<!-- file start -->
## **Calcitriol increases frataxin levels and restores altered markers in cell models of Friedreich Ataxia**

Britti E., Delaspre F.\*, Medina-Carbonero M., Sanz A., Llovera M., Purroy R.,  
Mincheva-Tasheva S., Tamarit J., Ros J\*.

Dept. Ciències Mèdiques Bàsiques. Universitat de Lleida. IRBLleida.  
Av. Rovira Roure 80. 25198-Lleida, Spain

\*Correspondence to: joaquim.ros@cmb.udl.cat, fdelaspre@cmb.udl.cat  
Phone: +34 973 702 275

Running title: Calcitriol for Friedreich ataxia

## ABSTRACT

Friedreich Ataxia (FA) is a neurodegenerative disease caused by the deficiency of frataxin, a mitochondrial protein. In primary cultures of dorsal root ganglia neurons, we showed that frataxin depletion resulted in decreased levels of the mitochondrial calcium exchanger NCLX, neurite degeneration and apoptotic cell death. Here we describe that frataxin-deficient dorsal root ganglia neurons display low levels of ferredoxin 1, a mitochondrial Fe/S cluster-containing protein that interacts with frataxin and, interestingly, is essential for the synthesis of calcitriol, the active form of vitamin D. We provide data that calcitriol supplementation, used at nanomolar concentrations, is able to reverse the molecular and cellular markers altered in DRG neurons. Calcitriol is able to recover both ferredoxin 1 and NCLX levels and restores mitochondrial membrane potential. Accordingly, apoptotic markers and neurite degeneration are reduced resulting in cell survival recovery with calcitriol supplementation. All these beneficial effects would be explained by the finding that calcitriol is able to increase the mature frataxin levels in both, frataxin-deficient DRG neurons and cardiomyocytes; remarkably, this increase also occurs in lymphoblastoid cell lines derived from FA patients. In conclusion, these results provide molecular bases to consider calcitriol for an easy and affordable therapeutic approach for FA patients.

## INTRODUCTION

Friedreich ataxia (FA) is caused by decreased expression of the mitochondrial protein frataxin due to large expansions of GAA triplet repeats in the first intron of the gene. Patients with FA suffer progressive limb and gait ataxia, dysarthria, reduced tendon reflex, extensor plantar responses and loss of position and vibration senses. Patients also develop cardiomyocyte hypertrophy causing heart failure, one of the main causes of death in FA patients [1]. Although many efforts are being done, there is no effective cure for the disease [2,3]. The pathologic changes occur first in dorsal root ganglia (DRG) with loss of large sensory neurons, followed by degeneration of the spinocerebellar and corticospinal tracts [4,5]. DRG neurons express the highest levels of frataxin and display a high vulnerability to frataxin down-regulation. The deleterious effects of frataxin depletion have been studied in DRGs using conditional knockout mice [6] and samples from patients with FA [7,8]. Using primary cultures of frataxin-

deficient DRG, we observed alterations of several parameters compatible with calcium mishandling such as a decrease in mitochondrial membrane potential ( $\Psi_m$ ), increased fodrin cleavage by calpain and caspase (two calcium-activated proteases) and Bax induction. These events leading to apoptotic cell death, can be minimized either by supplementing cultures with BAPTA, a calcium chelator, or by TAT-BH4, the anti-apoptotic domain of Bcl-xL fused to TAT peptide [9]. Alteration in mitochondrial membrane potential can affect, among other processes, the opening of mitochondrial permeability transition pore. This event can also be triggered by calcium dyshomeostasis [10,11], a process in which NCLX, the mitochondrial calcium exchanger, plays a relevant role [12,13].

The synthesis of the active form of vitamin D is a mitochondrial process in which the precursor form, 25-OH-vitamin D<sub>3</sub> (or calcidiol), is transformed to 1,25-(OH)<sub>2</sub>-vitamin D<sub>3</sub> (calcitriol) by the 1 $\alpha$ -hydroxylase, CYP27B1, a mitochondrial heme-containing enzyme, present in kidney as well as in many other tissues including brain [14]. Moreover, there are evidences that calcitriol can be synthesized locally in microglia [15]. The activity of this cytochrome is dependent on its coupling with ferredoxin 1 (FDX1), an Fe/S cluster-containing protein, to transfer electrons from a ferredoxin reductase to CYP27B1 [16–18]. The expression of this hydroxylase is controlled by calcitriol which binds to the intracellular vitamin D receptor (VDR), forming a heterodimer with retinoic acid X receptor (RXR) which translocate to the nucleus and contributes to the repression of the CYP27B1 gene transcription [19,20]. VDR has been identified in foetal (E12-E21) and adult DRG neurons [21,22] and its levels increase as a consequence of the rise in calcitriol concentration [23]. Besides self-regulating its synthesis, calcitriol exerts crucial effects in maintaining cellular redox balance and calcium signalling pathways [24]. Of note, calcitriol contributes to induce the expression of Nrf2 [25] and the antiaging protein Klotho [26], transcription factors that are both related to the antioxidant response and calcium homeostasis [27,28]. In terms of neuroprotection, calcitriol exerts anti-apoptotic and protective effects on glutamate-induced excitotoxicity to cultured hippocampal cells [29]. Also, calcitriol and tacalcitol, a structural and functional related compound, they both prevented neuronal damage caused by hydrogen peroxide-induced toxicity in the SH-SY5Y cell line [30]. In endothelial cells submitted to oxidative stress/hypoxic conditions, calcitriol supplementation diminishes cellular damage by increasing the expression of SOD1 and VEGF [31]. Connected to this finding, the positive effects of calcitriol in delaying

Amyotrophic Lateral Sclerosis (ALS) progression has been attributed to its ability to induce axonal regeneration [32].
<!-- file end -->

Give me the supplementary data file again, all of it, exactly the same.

## **Calcitriol increases frataxin levels and restores altered markers in cell models of Friedreich Ataxia**

Britti E., Delaspre F.\*, Medina-Carbonero M., Sanz A., Llovera M., Purroy R.,  
Mincheva-Tasheva S., Tamarit J., Ros J\*.

Dept. Ciències Mèdiques Bàsiques. Universitat de Lleida. IRBLleida.  
Av. Rovira Roure 80. 25198-Lleida, Spain

\*Correspondence to: joaquim.ros@cmb.udl.cat, fdelaspre@cmb.udl.cat  
Phone: +34 973 702 275

Running title: Calcitriol for Friedreich ataxia

## ABSTRACT

Friedreich Ataxia (FA) is a neurodegenerative disease caused by the deficiency of frataxin, a mitochondrial protein. In primary cultures of dorsal root ganglia neurons, we showed that frataxin depletion resulted in decreased levels of the mitochondrial calcium exchanger NCLX, neurite degeneration and apoptotic cell death. Here we describe that frataxin-deficient dorsal root ganglia neurons display low levels of ferredoxin 1, a mitochondrial Fe/S cluster-containing protein that interacts with frataxin and, interestingly, is essential for the synthesis of calcitriol, the active form of vitamin D. We provide data that calcitriol supplementation, used at nanomolar concentrations, is able to reverse the molecular and cellular markers altered in DRG neurons. Calcitriol is able to recover both ferredoxin 1 and NCLX levels and restores mitochondrial membrane potential. Accordingly, apoptotic markers and neurite degeneration are reduced resulting in cell survival recovery with calcitriol supplementation. All these beneficial effects would be explained by the finding that calcitriol is able to increase the mature frataxin levels in both, frataxin-deficient DRG neurons and cardiomyocytes; remarkably, this increase also occurs in lymphoblastoid cell lines derived from FA patients. In conclusion, these results provide molecular bases to consider calcitriol for an easy and affordable therapeutic approach for FA patients.

## INTRODUCTION

Friedreich ataxia (FA) is caused by decreased expression of the mitochondrial protein frataxin due to large expansions of GAA triplet repeats in the first intron of the gene. Patients with FA suffer progressive limb and gait ataxia, dysarthria, reduced tendon reflex, extensor plantar responses and loss of position and vibration senses. Patients also develop cardiomyocyte hypertrophy causing heart failure, one of the main causes of death in FA patients [1]. Although many efforts are being done, there is no effective cure for the disease [2,3]. The pathologic changes occur first in dorsal root ganglia (DRG) with loss of large sensory neurons, followed by degeneration of the spinocerebellar and corticospinal tracts [4,5]. DRG neurons express the highest levels of frataxin and display a high vulnerability to frataxin down-regulation. The deleterious effects of frataxin depletion have been studied in DRGs using conditional knockout mice [6] and samples from patients with FA [7,8]. Using primary cultures of frataxin-

deficient DRG, we observed alterations of several parameters compatible with calcium mishandling such as a decrease in mitochondrial membrane potential ( $\Psi_m$ ), increased fodrin cleavage by calpain and caspase (two calcium-activated proteases) and Bax induction. These events leading to apoptotic cell death, can be minimized either by supplementing cultures with BAPTA, a calcium chelator, or by TAT-BH4, the anti-apoptotic domain of Bcl-xL fused to TAT peptide [9]. Alteration in mitochondrial membrane potential can affect, among other processes, the opening of mitochondrial permeability transition pore. This event can also be triggered by calcium dyshomeostasis [10,11], a process in which NCLX, the mitochondrial calcium exchanger, plays a relevant role [12,13].

The synthesis of the active form of vitamin D is a mitochondrial process in which the precursor form, 25-OH-vitamin D<sub>3</sub> (or calcidiol), is transformed to 1,25-(OH)<sub>2</sub>-vitamin D<sub>3</sub> (calcitriol) by the 1 $\alpha$ -hydroxylase, CYP27B1, a mitochondrial heme-containing enzyme, present in kidney as well as in many other tissues including brain [14]. Moreover, there are evidences that calcitriol can be synthesized locally in microglia [15]. The activity of this cytochrome is dependent on its coupling with ferredoxin 1 (FDX1), an Fe/S cluster-containing protein, to transfer electrons from a ferredoxin reductase to CYP27B1 [16–18]. The expression of this hydroxylase is controlled by calcitriol which binds to the intracellular vitamin D receptor (VDR), forming a heterodimer with retinoic acid X receptor (RXR) which translocate to the nucleus and contributes to the repression of the CYP27B1 gene transcription [19,20]. VDR has been identified in foetal (E12-E21) and adult DRG neurons [21,22] and its levels increase as a consequence of the rise in calcitriol concentration [23]. Besides self-regulating its synthesis, calcitriol exerts crucial effects in maintaining cellular redox balance and calcium signalling pathways [24]. Of note, calcitriol contributes to induce the expression of Nrf2 [25] and the antiaging protein Klotho [26], transcription factors that are both related to the antioxidant response and calcium homeostasis [27,28]. In terms of neuroprotection, calcitriol exerts anti-apoptotic and protective effects on glutamate-induced excitotoxicity to cultured hippocampal cells [29]. Also, calcitriol and tacalcitol, a structural and functional related compound, they both prevented neuronal damage caused by hydrogen peroxide-induced toxicity in the SH-SY5Y cell line [30]. In endothelial cells submitted to oxidative stress/hypoxic conditions, calcitriol supplementation diminishes cellular damage by increasing the expression of SOD1 and VEGF [31]. Connected to this finding, the positive effects of calcitriol in delaying

Amyotrophic Lateral Sclerosis (ALS) progression has been attributed to its ability to induce axonal regeneration [32].